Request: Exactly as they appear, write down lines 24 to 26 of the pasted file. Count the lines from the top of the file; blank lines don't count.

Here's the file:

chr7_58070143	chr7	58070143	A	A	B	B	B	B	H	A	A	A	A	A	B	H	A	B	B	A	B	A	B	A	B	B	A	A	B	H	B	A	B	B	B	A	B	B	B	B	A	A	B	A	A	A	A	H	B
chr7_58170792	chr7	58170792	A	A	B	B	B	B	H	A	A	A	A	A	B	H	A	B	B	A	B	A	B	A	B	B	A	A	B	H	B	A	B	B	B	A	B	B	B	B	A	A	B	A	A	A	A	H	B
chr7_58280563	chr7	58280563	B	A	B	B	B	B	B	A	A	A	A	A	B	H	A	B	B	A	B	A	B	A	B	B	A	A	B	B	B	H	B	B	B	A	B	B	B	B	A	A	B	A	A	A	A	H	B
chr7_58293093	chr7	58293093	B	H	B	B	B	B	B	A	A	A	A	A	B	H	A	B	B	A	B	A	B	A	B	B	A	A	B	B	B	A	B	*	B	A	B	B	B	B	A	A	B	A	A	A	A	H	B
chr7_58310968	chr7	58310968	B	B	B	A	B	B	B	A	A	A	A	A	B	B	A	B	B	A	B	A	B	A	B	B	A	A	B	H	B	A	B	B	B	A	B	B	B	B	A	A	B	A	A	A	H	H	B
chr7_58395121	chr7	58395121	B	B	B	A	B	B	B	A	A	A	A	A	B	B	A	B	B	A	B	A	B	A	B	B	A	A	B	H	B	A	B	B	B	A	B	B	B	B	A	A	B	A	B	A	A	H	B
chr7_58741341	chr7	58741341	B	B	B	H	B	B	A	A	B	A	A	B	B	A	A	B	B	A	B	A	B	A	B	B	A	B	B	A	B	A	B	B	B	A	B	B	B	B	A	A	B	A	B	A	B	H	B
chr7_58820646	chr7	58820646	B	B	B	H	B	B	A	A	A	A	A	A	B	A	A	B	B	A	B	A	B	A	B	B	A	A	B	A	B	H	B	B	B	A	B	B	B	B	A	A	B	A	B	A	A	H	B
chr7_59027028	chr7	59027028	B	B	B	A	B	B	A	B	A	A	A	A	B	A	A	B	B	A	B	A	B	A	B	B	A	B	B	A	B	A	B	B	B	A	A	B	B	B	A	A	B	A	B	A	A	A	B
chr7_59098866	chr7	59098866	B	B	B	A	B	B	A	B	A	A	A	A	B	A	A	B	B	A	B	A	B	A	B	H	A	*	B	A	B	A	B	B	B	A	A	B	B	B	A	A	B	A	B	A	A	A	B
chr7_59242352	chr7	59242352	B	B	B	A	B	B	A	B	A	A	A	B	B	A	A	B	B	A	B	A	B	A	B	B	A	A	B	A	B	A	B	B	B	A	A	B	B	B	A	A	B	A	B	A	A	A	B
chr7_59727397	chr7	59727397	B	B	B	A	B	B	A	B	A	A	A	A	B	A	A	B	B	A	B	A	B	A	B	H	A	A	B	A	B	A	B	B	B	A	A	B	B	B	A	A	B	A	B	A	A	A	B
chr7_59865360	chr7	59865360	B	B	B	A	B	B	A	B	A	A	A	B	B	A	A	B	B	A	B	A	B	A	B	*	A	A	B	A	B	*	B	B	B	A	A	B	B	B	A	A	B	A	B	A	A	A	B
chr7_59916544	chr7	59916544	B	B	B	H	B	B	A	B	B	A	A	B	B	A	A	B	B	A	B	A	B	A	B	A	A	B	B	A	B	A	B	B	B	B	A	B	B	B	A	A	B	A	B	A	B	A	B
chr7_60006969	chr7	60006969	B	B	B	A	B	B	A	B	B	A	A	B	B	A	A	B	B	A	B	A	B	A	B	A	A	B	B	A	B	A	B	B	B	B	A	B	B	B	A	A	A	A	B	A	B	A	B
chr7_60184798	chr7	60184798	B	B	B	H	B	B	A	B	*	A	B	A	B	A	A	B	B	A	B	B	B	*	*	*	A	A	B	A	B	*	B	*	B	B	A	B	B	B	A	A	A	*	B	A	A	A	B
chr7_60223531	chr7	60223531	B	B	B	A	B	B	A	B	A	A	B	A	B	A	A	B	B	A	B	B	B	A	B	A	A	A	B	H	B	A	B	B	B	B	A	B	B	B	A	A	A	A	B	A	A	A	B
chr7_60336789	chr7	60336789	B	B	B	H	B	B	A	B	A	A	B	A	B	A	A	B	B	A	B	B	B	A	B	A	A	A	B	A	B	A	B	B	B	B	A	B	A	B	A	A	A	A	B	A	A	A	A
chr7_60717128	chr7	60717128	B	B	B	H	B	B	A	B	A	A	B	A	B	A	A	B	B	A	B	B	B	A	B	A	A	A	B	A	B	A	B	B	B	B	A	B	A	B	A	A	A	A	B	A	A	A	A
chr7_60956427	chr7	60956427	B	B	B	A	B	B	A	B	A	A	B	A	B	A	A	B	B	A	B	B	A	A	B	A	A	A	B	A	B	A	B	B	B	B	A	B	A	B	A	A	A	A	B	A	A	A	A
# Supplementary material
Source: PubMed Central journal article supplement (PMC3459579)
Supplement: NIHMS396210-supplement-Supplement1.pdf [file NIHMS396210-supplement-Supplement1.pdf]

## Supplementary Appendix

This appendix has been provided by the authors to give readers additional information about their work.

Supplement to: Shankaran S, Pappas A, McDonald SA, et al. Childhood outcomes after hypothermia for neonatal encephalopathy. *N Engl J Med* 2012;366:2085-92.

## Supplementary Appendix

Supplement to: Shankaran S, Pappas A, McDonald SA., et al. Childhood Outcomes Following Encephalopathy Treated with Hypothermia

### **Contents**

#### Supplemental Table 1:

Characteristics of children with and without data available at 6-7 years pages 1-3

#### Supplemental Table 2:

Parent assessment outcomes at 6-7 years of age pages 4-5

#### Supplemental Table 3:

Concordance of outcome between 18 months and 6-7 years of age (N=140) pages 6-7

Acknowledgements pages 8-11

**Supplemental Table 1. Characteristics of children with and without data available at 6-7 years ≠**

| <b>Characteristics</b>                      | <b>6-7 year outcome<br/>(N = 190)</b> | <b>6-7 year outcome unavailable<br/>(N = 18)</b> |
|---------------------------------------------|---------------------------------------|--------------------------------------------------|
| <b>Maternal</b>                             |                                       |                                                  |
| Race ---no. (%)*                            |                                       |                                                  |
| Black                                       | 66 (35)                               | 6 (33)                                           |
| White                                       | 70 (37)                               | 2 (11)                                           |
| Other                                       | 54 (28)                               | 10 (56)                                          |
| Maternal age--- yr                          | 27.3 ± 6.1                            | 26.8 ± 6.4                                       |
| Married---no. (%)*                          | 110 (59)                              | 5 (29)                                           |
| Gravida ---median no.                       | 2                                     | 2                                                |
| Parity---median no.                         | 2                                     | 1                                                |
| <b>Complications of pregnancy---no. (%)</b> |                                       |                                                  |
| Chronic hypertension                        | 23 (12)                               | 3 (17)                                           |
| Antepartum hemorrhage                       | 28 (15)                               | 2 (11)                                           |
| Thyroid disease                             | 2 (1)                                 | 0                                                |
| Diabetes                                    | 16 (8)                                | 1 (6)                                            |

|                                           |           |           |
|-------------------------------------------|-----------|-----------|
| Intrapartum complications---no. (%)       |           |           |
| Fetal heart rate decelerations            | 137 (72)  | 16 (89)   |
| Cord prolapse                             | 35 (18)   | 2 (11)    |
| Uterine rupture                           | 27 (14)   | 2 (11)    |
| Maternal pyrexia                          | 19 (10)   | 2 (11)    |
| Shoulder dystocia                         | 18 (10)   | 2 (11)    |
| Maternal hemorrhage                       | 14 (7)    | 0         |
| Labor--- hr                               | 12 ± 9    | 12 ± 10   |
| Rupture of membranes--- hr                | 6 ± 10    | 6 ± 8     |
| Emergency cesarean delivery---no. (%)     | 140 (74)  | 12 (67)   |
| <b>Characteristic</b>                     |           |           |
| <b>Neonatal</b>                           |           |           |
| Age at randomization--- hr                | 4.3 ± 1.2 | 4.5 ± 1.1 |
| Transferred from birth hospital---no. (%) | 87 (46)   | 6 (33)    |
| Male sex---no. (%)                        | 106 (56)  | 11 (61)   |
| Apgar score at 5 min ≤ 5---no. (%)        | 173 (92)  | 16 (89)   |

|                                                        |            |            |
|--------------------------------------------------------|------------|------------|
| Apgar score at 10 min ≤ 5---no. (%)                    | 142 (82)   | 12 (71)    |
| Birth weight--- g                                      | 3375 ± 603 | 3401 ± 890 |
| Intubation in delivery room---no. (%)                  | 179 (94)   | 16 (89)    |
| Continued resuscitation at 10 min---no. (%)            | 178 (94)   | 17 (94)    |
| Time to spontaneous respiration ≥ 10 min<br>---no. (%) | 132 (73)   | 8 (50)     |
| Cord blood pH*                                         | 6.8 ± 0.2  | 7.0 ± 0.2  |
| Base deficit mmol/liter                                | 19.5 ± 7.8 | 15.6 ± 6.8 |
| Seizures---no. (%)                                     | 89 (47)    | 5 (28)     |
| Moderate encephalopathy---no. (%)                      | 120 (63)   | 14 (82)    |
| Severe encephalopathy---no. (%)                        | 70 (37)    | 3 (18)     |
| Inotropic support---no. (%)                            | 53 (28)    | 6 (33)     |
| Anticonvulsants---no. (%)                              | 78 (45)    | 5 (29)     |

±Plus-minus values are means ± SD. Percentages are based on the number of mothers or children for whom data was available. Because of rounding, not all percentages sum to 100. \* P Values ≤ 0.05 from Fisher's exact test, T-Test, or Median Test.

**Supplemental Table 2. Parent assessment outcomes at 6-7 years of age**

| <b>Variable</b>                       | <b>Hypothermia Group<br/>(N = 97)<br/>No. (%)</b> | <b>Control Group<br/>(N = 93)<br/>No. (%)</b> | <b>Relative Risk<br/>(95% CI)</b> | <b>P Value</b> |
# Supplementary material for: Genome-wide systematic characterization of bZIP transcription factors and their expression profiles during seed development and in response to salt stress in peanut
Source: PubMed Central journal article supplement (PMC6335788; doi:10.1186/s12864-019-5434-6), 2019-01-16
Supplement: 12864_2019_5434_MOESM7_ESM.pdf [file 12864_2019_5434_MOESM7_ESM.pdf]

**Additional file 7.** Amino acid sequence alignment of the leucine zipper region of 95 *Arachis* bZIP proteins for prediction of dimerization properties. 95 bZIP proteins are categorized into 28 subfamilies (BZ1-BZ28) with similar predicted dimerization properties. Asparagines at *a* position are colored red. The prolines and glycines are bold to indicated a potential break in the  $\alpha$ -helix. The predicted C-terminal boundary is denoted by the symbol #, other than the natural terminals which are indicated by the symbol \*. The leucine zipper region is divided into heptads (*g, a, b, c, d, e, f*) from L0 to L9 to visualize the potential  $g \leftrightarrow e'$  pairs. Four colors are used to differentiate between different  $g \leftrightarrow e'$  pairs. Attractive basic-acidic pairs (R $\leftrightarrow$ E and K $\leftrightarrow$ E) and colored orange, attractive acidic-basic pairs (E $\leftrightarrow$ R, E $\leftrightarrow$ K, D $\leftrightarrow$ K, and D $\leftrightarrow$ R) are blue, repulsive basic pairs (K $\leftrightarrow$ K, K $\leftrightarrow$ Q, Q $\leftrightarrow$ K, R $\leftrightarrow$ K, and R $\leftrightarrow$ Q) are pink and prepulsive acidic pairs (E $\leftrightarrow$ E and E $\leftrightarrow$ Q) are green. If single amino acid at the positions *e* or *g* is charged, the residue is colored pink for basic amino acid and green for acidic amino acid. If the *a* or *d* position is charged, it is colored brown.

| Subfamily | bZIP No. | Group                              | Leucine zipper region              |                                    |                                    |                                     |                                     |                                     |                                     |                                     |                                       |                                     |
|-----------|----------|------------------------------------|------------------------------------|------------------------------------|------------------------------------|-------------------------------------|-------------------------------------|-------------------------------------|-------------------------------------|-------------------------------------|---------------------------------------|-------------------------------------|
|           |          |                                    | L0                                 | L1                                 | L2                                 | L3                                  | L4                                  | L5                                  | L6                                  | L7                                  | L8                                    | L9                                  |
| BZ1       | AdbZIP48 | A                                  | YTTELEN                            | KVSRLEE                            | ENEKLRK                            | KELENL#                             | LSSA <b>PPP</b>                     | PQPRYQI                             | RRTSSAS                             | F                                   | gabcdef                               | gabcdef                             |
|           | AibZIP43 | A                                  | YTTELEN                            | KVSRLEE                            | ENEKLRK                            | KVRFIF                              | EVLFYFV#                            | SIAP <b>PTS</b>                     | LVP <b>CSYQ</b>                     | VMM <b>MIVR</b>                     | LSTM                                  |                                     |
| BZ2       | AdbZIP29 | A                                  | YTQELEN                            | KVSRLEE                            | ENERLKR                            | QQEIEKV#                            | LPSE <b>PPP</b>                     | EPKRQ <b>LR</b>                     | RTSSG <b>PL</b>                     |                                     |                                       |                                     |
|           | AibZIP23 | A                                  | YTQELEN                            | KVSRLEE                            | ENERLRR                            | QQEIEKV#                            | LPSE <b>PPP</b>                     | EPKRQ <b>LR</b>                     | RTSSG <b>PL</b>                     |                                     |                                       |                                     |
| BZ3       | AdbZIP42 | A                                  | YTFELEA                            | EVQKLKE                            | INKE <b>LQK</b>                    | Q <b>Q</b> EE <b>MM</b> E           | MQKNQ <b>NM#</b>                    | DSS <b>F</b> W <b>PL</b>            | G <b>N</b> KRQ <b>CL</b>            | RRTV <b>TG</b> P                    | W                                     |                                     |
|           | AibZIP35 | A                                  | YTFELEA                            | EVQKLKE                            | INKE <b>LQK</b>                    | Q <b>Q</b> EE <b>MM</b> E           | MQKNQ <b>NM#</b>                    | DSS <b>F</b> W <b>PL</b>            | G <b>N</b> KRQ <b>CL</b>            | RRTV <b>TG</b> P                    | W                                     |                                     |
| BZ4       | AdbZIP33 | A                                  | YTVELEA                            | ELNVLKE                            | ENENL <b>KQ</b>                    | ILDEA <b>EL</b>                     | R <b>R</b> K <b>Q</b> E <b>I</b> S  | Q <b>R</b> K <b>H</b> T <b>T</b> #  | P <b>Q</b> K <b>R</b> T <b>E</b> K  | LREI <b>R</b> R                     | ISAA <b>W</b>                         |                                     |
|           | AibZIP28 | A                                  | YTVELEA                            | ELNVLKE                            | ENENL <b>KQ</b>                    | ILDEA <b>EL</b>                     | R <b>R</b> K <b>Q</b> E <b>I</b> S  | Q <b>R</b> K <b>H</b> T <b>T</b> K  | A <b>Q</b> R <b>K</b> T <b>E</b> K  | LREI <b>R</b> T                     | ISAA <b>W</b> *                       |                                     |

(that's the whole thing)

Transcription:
## Supplementary Appendix

This appendix has been provided by the authors to give readers additional information about their work.

Supplement to: Shankaran S, Pappas A, McDonald SA, et al. Childhood outcomes after hypothermia for neonatal encephalopathy. *N Engl J Med* 2012;366:2085-92.